Cold Weather Maintenance Diets for Dairy Calves

Cold Weather Maintenance Diets for Dairy Calves
Phil Cardoso, Dairy Specialist - University of Illinois

Feeding a heifer dairy calf properly during cold weather can mean up to 1500 extra pounds of milk during her first lactation period. Todd Gleason has more on the increased cold weather maintenance diet that results in such a gain.

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You can get more milk from a cow if you treat it right as a calf says University of Illinois Dairy Specialist Phil Cardoso. This is especially the case if those calves are fed a proper maintenance diet during periods of cooler (not necessarily cold) weather when they are very young.

Cardoso :32 ….some energy to him himself.

Quote Summary - The maintenance diet supplies all the energy needed for the development of the immune system, for growth, and for the calf to live. There is a thermal neutral zone in which the calves nutritional needs are flat, outside of this zone it needs more energy to generate more heat the winter or to cool down in the summer. During the winter the calf needs to generate energy to heat themselves.

The temperature at which additional feed is needed to keep the calf operating at a maintenance level for growth isn’t so low. It starts at 59 degrees fahrenheit. To this end ILLINOIS uses a simple table to guide dairy farmers in how much extra milk replacer a young calf would need when it is cold stressed. The table has temperatures on one side of the graph and the calf’s weight on the other.

Cardoso :22 ….now you need 4.26.

The supplemental energy is provided by the standard 20 percent fat / 20 percent crude protein milk replacer. An example of how the table works would be to find the weight of the calf, say 110 pounds, and the temperature outside. If it is 50 degrees the calf needs four quarts of milk replacer. If it is colder, 41 degrees, it would take 4.26 quarts.

The colder it gets the more milk replacer the calf needs in its regular maintenance diet, at least if the goal is to achieve an extra 1500 pounds of milk once the calf becomes a cow. Those wanting to view the easy to use University of Illinois dairy calf maintenance diet table will find it on the Dairy Focus website.

Wednesday, March 4, 2015

Pork's Boom & Bust Price Cycle

Pork’s Boom & Bust Price Pattern
Chris Hurt, Purdue Extension Ag Economist

Markets can take your breath away and the hog market over the past year has left many breathless says one Purdue University ag economist. Todd Gleason has more…

A year-ago in March, the new PED virus…
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A year-ago in March, the new PED virus was the talk of the trade. Baby pig death losses of nearly 100 percent were the reality for some herds. The disease was not well understood and was spreading rapidly. There was trade talk, says a Purdue University ag economist, that death losses were so high it could account for 20 percent of 2014 pork production. It was a fearful and unguided time says Chris Hurt.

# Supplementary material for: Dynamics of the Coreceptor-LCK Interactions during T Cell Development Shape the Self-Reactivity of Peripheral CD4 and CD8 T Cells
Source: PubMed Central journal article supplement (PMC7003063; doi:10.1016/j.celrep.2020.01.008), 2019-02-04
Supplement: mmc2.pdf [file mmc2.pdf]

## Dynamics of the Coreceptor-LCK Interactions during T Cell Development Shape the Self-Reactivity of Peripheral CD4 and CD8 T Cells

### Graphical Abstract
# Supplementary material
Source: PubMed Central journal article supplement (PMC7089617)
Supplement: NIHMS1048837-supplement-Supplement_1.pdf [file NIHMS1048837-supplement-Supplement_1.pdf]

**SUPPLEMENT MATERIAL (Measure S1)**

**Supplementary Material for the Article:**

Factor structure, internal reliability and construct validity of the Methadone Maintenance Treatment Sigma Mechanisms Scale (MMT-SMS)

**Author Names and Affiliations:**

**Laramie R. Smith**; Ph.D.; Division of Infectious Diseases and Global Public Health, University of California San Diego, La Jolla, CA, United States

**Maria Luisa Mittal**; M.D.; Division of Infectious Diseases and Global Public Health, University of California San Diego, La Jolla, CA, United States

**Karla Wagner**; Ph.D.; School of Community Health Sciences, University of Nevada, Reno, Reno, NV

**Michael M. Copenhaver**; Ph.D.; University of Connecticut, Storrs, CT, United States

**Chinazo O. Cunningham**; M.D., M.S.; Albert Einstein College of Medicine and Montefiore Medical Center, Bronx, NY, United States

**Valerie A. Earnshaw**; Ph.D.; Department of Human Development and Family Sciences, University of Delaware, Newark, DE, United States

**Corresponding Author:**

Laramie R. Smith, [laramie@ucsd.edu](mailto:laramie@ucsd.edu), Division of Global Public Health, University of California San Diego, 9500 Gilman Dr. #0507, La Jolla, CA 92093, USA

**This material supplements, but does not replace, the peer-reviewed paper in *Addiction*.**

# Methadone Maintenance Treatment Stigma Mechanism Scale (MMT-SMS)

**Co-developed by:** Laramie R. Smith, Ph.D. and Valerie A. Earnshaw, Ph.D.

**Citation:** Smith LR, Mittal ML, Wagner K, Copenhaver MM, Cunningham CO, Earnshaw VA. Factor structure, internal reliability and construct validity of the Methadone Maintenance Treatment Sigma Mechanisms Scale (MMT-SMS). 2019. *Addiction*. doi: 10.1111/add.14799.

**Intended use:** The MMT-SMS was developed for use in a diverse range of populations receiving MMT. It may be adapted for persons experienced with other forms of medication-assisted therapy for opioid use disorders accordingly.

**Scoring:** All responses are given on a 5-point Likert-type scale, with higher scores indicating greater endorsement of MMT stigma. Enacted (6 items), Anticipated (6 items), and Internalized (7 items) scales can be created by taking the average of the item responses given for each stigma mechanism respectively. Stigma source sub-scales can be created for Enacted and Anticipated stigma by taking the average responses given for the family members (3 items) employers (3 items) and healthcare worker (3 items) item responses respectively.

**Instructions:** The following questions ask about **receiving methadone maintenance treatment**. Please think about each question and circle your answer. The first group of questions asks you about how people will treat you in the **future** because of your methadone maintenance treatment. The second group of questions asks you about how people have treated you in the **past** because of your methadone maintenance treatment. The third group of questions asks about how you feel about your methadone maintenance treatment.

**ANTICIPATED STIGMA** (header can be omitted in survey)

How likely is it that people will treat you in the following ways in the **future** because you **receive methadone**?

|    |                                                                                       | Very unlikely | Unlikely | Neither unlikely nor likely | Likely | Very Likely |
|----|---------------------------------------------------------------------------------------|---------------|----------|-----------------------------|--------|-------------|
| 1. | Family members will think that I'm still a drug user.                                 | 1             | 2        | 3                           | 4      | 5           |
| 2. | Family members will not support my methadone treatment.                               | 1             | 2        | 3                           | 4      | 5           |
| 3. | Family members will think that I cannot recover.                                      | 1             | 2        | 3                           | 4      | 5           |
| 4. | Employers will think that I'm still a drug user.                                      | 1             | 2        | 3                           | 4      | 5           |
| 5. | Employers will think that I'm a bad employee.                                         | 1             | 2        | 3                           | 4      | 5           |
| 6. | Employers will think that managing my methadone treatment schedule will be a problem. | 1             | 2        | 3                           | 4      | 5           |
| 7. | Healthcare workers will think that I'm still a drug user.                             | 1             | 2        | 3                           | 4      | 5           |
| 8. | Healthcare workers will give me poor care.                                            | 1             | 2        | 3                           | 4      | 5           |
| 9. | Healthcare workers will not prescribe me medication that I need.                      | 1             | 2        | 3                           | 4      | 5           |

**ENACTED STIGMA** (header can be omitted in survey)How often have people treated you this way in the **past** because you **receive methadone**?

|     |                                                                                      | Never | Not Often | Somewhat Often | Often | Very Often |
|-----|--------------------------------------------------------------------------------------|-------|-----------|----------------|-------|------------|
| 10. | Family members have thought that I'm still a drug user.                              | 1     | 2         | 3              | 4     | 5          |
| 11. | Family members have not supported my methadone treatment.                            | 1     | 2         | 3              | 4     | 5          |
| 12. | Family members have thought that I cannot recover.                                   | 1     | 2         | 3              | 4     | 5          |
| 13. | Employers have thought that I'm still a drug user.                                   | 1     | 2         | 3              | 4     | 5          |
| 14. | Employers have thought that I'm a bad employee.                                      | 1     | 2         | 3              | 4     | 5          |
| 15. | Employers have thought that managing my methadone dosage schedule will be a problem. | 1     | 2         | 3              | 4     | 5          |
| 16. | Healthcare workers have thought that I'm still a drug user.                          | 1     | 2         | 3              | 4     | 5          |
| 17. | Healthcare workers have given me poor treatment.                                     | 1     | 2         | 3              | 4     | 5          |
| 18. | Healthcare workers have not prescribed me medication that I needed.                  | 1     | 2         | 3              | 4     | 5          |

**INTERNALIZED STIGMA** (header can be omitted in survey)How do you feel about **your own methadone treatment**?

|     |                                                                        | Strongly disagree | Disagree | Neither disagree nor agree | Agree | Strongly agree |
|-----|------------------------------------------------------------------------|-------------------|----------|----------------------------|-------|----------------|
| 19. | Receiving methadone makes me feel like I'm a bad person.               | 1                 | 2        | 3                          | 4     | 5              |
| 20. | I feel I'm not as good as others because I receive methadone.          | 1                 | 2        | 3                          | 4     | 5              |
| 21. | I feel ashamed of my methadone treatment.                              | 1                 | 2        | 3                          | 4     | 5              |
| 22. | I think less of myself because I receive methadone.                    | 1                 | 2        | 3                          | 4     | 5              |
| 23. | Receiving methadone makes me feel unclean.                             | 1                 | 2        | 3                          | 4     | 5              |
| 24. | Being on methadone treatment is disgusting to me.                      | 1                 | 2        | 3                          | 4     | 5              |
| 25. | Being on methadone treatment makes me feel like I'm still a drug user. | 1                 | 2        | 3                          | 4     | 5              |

Hurt :23 …live price reaching $100 per hundredweight.

Unfortunately, in the early stages the pork industry had no way of measuring the national baby pig death losses. Fear set in among some pork buyers-“What if bacon was not available to put on fast food hamburgers, What if tasty BLT sandwiches have to become only LT sandwiches?” Hog and pork prices exploded to record highs with the national live price reaching $100 per hundredweight.

Contrast that number with the five year lows near $45 per live hundredweight hogs brought this winter. It is a price bust from the record highs a year earlier.

Hurt :33 …a classic boom/bust price cycle.

The market adage “Buy the rumor, and sell the fact” has played out once again. The inability to refute the rumors of massive death losses a year-ago contributed to prices overshooting to the upside. The reality that pork production was only down two percent in 2014 and is now moving up rapidly in 2015 helped create what may be the greatest collapse of hog prices ever. A classic boom and bust price pattern.

Now Chris Hurt says the market is deciding if prices overshot to the downside. Will they recover? Or will large pork supplies justify the price break?

February pork supplies were expected to be up about three percent, while actual supplies have been up seven percent due to four percent more hogs reaching the market than anticipated. The USDA’s inventory count in December appears to have undercounted the number of young pigs.

Pork producers, it seems, may have also expanded sow numbers and farrowing intentions more that USDA picked-up in the December survey. Based on that report, pork supplies in the last half of 2015 were expected to be up six to seven percent. If expansion has been more robust, this could mean eight to ten percent more pork in the last-half of the year and a continuation of weaker prices.